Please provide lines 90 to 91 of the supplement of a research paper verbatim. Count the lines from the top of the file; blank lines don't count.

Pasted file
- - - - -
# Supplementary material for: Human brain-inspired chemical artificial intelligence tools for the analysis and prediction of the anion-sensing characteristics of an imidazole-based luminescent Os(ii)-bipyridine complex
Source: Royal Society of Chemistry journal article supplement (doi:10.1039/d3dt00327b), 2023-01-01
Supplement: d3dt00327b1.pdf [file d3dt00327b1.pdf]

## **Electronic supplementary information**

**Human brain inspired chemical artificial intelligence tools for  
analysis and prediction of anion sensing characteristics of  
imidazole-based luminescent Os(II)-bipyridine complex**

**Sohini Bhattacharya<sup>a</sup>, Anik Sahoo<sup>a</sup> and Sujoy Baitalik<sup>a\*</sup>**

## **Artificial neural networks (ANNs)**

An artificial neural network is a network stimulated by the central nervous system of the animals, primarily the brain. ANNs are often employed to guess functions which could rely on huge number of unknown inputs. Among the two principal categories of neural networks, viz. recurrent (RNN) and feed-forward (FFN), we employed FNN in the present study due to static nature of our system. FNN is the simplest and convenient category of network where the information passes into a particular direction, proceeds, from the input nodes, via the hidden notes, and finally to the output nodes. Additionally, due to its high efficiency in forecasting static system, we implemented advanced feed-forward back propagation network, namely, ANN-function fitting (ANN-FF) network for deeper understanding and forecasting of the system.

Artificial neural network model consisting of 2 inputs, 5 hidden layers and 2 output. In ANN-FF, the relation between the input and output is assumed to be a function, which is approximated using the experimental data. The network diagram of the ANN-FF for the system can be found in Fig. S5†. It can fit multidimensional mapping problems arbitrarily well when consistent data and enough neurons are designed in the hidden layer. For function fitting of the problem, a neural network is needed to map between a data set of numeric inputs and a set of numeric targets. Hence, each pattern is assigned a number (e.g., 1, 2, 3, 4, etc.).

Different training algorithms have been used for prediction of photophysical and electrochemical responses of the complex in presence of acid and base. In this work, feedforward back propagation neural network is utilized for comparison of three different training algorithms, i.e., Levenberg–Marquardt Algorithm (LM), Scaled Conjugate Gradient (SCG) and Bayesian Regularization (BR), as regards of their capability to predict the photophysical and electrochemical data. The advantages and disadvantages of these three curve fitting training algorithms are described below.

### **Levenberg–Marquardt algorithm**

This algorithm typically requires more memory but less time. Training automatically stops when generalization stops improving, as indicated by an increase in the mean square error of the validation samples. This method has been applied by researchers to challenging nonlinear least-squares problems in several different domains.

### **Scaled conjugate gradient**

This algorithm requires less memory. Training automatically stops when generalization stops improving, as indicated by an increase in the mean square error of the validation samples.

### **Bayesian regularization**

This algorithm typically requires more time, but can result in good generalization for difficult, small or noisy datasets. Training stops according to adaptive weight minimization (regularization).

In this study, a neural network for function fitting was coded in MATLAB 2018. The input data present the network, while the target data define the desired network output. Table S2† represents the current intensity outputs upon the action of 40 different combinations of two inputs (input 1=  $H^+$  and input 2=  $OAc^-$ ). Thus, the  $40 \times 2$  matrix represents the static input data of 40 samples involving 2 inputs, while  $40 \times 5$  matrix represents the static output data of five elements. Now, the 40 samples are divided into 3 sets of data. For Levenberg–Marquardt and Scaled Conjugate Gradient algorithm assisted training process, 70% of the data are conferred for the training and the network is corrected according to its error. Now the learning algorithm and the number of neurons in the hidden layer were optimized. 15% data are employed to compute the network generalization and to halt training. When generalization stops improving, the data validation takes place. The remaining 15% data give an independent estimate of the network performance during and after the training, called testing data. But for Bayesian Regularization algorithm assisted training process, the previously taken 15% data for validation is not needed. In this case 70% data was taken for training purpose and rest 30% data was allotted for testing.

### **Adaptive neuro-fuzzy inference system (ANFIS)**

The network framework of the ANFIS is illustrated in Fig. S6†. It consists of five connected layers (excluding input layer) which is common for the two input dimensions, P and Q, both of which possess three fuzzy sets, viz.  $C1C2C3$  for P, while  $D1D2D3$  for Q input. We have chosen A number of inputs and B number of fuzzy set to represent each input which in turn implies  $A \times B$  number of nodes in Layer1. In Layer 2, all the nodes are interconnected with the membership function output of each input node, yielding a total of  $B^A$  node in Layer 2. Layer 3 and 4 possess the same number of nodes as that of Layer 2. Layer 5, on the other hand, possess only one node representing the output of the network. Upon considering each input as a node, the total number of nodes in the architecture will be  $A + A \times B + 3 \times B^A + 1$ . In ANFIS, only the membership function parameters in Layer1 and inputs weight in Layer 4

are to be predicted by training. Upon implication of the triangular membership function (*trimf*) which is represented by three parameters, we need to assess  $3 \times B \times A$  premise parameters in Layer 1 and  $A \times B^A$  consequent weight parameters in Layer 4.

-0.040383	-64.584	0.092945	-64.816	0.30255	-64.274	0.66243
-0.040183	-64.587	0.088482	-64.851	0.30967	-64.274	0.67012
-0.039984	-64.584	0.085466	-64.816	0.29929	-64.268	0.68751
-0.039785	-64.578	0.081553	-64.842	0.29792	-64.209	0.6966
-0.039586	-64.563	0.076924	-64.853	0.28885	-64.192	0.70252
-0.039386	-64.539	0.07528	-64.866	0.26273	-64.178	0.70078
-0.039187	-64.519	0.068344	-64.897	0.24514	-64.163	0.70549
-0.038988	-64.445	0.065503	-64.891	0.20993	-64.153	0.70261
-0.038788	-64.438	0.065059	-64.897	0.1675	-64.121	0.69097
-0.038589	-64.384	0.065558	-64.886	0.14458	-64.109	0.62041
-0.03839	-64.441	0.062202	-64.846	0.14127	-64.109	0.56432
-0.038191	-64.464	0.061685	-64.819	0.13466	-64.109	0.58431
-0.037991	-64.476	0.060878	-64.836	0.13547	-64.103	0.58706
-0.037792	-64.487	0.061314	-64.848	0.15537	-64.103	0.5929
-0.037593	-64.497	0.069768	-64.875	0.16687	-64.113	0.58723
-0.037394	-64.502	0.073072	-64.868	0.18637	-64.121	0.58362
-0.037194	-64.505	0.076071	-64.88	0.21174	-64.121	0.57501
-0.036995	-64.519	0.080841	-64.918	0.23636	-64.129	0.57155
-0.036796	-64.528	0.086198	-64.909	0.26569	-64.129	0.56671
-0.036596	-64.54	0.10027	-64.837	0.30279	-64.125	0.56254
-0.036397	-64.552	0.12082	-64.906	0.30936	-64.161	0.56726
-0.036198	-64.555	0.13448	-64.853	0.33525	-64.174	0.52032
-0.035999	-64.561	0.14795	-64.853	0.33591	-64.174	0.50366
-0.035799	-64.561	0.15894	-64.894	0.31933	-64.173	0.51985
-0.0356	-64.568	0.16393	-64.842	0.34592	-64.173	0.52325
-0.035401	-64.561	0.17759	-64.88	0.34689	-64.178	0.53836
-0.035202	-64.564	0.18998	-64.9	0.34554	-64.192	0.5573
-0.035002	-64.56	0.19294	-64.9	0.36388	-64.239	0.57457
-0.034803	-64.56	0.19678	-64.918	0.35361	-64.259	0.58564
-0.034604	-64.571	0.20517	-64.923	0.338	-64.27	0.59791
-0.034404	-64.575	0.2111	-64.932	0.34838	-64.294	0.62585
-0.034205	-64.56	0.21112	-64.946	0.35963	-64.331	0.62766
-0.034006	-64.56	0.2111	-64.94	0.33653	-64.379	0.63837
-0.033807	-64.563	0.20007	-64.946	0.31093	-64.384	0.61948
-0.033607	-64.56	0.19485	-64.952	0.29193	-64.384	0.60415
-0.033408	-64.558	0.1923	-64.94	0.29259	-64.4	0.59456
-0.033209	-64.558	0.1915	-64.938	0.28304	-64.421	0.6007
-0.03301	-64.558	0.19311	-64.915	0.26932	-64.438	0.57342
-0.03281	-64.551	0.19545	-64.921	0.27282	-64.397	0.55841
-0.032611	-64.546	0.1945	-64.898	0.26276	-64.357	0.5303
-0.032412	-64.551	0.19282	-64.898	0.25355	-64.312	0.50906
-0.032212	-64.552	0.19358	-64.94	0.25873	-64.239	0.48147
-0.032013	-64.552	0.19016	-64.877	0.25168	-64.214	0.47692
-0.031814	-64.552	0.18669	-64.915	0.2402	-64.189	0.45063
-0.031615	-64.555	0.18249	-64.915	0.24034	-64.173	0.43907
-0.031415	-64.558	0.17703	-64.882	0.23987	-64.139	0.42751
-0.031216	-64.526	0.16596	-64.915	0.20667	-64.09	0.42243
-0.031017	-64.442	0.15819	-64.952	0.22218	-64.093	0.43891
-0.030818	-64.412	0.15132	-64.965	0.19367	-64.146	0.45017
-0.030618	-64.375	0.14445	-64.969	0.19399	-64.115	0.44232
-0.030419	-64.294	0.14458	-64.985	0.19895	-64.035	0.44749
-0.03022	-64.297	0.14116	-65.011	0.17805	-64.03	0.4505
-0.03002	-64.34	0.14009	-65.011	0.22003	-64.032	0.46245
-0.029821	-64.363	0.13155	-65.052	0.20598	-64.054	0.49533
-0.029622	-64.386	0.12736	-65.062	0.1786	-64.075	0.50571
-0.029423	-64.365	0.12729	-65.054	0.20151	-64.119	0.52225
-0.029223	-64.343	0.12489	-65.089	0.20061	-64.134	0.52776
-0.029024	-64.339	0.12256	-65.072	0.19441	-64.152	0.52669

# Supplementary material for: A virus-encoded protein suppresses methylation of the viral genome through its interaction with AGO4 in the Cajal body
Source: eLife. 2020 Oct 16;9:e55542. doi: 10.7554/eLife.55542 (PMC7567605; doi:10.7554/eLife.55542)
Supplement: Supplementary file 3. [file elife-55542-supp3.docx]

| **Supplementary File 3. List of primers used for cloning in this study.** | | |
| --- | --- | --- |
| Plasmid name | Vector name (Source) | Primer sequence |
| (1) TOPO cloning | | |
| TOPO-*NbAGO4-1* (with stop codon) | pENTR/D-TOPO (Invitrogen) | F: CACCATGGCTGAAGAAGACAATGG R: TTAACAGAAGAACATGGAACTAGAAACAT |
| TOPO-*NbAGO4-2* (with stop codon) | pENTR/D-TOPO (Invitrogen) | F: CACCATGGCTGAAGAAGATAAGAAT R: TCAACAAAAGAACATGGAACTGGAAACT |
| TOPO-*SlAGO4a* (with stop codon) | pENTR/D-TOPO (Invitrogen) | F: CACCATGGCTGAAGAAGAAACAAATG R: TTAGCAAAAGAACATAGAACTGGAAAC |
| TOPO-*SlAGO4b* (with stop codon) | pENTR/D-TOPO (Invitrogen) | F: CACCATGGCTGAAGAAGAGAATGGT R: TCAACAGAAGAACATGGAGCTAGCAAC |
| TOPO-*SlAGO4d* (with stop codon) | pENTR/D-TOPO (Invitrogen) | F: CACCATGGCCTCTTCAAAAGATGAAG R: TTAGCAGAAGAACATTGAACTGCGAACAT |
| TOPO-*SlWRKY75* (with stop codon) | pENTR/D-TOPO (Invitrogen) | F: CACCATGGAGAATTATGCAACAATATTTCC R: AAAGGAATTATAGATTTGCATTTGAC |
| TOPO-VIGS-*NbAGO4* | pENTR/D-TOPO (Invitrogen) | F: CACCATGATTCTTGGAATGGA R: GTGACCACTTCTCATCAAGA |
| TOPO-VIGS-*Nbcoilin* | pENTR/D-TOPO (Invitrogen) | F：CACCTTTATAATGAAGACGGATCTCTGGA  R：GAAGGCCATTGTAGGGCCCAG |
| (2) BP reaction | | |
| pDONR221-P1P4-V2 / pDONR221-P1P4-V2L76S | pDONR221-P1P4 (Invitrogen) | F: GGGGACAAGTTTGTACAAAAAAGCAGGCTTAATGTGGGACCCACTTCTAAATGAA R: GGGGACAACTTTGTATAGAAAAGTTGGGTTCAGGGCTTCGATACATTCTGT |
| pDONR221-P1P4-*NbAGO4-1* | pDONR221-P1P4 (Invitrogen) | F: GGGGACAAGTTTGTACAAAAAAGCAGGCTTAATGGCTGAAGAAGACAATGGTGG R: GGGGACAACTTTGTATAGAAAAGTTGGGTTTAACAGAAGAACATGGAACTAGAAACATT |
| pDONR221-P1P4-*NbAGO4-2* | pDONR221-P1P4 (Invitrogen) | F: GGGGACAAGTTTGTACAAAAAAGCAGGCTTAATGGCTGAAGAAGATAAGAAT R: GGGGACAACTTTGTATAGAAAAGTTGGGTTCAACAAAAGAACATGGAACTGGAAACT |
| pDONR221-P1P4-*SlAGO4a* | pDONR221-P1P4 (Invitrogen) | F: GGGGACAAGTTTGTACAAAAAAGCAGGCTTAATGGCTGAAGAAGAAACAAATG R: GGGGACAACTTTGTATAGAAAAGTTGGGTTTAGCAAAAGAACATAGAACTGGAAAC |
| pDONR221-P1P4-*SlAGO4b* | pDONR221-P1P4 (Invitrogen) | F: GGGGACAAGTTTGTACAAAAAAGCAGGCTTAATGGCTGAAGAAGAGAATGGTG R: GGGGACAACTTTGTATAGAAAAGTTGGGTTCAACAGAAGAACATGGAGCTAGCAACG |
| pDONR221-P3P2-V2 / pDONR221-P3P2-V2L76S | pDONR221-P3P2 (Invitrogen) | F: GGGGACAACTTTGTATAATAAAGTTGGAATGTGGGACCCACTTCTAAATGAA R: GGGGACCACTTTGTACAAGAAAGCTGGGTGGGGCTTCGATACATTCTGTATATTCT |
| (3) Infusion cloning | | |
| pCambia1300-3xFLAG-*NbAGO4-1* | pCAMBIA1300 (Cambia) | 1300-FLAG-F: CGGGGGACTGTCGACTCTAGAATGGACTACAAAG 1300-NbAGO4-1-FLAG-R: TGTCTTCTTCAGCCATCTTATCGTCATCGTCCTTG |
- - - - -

| TOPO-*SlAGO4a* (with stop codon) | pENTR/D-TOPO (Invitrogen) | F: CACCATGGCTGAAGAAGAAACAAATG R: TTAGCAAAAGAACATAGAACTGGAAAC |
| TOPO-*SlAGO4b* (with stop codon) | pENTR/D-TOPO (Invitrogen) | F: CACCATGGCTGAAGAAGAGAATGGT R: TCAACAGAAGAACATGGAGCTAGCAAC |